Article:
Named one of the five best crossword puzzle books series of 1995 by Games Magazine, this series, reprinted from New York magazine, will have serious puzzle fans clamoring for more. 50 puzzles. Lay-flat binding.
New York, the city. New York, the magazine. A celebration. The great story of New York City in the past half-century has been its near collapse and miraculous rebirth. A battered town left for dead, one that almost a million people abandoned and where those who remained had to live behind triple deadbolt locks, was reinvigorated by the twinned energies of starving artists and financial white knights. Over the next generation, the city was utterly transformed. It again became the capital of wealth and innovation, an engine of cultural vibrancy, a magnet for immigrants, and a city of endless possibility. It was the place to be—if you could afford it. Since its founding in 1968, New York Magazine has told the story of that city’s constant morphing, week after week. Covering culture high and low, the drama and scandal of politics and finance, through jubilant moments and immense tragedies, the magazine has hit readers where they live, with a sensibility as fast and funny and urbane as New York itself. From its early days publishing writers like Tom Wolfe, Jimmy Breslin, and Gloria Steinem to its modern incarnation as a laboratory of inventive magazine-making, New York has had an extraordinary knack for catching the Zeitgeist and getting it on the page. It was among the originators of the New Journalism, publishing legendary stories whose authors infiltrated a Black Panther party in Leonard Bernstein’s apartment, introduced us to the mother-daughter hermits living in the dilapidated estate known as Grey Gardens, launched Ms. Magazine, branded a group of up-and-coming teen stars “the Brat Pack,” and effectively ended the career of Roger Ailes. Again and again, it introduced new words into the conversation—from “foodie” to “normcore”—and spotted fresh talent before just about anyone. Along the way, those writers and their colleagues revealed what was most interesting at the forward edge of American culture—from the old Brooklyn of Saturday Night Fever to the new Brooklyn of artisanal food trucks, from the Wall Street crashes to the hedge-fund spoils, from The Godfather to Girls—in ways that were knowing, witty, sometimes weird, occasionally vulgar, and often unforgettable. On “The Approval Matrix,” the magazine’s beloved back-page feature, New York itself would fall at the crossroads of highbrow and lowbrow, and more brilliant than despicable. (Most of the time.) Marking the magazine’s fiftieth birthday, Highbrow, Lowbrow, Brilliant, Despicable: 50 Years of New York draws from all that coverage to present an enormous, sweeping, idiosyncratic picture of a half-century at the center of the world. Through stories and images of power and money, movies and food, crises and family life, it constitutes an unparalleled history of that city’s transformation, and of a New York City institution as well. It is packed with behind-the-scenes stories from New York’s writers, editors, designers, and journalistic subjects—and frequently overflows its own pages onto spectacular foldouts. It’s a big book for a big town.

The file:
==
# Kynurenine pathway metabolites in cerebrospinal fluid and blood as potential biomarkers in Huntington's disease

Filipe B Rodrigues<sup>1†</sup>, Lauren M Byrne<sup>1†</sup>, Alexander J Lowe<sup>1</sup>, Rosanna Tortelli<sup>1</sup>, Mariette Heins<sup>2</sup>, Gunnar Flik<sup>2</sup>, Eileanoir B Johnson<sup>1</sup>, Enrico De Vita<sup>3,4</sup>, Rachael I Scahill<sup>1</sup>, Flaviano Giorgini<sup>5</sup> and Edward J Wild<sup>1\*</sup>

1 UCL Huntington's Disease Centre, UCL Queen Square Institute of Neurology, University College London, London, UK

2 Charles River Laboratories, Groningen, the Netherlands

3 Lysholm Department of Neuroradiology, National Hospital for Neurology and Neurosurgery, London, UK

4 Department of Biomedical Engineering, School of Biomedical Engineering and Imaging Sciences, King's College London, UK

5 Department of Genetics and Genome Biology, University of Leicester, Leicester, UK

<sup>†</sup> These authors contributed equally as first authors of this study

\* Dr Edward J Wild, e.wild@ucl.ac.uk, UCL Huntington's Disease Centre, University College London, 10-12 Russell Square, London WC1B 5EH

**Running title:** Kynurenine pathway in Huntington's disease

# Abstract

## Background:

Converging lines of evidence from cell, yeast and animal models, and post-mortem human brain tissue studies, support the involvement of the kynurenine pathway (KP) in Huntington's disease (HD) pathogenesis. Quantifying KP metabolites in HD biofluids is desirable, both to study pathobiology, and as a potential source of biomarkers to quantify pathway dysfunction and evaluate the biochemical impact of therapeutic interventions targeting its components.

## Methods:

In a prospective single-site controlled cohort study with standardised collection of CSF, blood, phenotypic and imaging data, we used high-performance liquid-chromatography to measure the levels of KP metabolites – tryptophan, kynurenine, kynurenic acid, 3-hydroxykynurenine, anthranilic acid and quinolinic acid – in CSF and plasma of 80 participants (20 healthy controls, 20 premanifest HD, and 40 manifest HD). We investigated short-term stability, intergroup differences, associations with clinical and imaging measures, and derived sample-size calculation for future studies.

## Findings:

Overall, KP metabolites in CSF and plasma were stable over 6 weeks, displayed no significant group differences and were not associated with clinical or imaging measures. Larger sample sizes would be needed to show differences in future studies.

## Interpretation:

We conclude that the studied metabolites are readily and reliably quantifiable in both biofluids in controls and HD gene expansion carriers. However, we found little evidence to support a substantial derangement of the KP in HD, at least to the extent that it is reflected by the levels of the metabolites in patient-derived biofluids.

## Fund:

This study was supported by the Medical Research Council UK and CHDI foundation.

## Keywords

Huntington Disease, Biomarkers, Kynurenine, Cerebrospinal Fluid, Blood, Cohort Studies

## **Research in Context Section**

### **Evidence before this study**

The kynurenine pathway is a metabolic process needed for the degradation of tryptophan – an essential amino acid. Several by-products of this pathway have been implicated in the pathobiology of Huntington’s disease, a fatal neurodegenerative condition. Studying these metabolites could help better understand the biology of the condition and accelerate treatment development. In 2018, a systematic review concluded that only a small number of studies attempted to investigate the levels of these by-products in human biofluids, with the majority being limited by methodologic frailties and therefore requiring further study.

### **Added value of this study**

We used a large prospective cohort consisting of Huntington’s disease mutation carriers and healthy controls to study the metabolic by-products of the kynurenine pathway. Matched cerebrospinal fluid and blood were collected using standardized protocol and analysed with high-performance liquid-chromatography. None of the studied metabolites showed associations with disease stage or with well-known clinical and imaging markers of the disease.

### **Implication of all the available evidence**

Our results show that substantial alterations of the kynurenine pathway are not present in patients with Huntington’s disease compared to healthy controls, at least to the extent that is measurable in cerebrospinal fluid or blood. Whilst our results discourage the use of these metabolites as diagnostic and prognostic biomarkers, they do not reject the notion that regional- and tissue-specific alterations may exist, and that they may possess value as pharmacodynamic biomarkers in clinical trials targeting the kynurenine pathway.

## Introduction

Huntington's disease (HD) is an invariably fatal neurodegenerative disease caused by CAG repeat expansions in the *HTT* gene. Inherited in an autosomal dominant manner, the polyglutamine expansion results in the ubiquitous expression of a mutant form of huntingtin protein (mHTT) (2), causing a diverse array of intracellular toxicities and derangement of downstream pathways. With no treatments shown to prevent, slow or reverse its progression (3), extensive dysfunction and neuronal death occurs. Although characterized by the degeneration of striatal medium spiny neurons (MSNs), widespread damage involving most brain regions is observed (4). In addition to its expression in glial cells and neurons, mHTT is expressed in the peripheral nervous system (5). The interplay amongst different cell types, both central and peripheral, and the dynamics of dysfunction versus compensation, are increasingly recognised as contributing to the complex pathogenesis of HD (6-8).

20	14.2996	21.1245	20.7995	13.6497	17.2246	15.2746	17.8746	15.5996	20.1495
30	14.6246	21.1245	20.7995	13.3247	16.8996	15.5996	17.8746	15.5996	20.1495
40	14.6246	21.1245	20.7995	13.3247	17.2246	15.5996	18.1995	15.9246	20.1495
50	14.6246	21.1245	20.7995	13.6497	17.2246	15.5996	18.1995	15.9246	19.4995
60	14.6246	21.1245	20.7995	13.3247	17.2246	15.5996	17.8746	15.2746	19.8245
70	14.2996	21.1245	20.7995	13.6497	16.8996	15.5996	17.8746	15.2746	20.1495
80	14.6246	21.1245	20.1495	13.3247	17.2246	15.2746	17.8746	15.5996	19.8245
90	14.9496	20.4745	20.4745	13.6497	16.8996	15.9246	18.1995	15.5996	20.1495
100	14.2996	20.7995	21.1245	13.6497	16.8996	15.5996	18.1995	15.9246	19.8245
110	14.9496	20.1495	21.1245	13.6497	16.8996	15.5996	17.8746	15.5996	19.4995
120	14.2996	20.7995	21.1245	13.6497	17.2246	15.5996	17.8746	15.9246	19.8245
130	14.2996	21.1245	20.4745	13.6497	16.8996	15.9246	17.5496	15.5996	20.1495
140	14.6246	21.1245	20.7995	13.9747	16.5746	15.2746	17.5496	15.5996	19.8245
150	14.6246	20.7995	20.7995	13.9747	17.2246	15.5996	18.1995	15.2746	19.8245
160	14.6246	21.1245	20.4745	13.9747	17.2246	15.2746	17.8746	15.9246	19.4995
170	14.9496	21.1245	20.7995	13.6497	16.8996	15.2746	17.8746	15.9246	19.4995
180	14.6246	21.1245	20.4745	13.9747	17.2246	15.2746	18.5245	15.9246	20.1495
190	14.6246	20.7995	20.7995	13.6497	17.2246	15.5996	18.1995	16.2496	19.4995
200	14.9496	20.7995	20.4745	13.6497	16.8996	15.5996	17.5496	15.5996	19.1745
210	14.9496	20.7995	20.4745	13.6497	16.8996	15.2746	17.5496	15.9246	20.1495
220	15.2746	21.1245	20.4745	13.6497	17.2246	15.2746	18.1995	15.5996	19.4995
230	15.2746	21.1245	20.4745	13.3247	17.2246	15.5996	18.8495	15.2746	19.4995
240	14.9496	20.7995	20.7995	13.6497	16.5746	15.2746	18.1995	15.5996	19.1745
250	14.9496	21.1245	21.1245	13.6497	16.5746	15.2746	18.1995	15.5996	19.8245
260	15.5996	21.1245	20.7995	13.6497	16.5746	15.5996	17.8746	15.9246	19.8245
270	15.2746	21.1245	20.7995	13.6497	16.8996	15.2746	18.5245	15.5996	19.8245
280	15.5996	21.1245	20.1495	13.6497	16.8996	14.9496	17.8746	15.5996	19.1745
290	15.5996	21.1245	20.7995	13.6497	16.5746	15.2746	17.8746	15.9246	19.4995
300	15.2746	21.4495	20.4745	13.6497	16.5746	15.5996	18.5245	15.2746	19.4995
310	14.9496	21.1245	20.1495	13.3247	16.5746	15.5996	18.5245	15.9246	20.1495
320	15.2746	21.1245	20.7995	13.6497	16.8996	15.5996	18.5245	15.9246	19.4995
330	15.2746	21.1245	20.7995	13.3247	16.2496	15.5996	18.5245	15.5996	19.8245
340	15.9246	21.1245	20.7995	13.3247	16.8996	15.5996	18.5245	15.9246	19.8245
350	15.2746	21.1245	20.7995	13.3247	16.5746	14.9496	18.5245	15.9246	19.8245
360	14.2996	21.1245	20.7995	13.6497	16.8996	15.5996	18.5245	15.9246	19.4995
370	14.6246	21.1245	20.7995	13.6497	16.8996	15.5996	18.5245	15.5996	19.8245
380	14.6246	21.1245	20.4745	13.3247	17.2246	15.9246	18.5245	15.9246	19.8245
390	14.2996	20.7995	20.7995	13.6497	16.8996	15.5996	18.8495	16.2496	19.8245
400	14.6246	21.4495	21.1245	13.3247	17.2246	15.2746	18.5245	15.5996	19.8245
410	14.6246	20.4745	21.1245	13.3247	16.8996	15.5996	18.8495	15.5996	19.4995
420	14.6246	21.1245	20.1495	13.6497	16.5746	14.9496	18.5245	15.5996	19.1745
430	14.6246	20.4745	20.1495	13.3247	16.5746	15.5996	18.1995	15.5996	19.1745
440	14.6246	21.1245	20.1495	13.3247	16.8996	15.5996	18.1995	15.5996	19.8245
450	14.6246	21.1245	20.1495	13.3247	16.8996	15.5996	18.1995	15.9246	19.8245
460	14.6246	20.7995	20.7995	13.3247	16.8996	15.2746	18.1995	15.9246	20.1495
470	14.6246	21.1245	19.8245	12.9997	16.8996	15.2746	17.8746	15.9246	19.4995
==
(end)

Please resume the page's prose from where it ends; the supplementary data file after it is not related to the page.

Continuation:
Release on 2014-05-06 | by The New Yorker Magazine
Author: The New Yorker Magazine
Pubpsher: Random House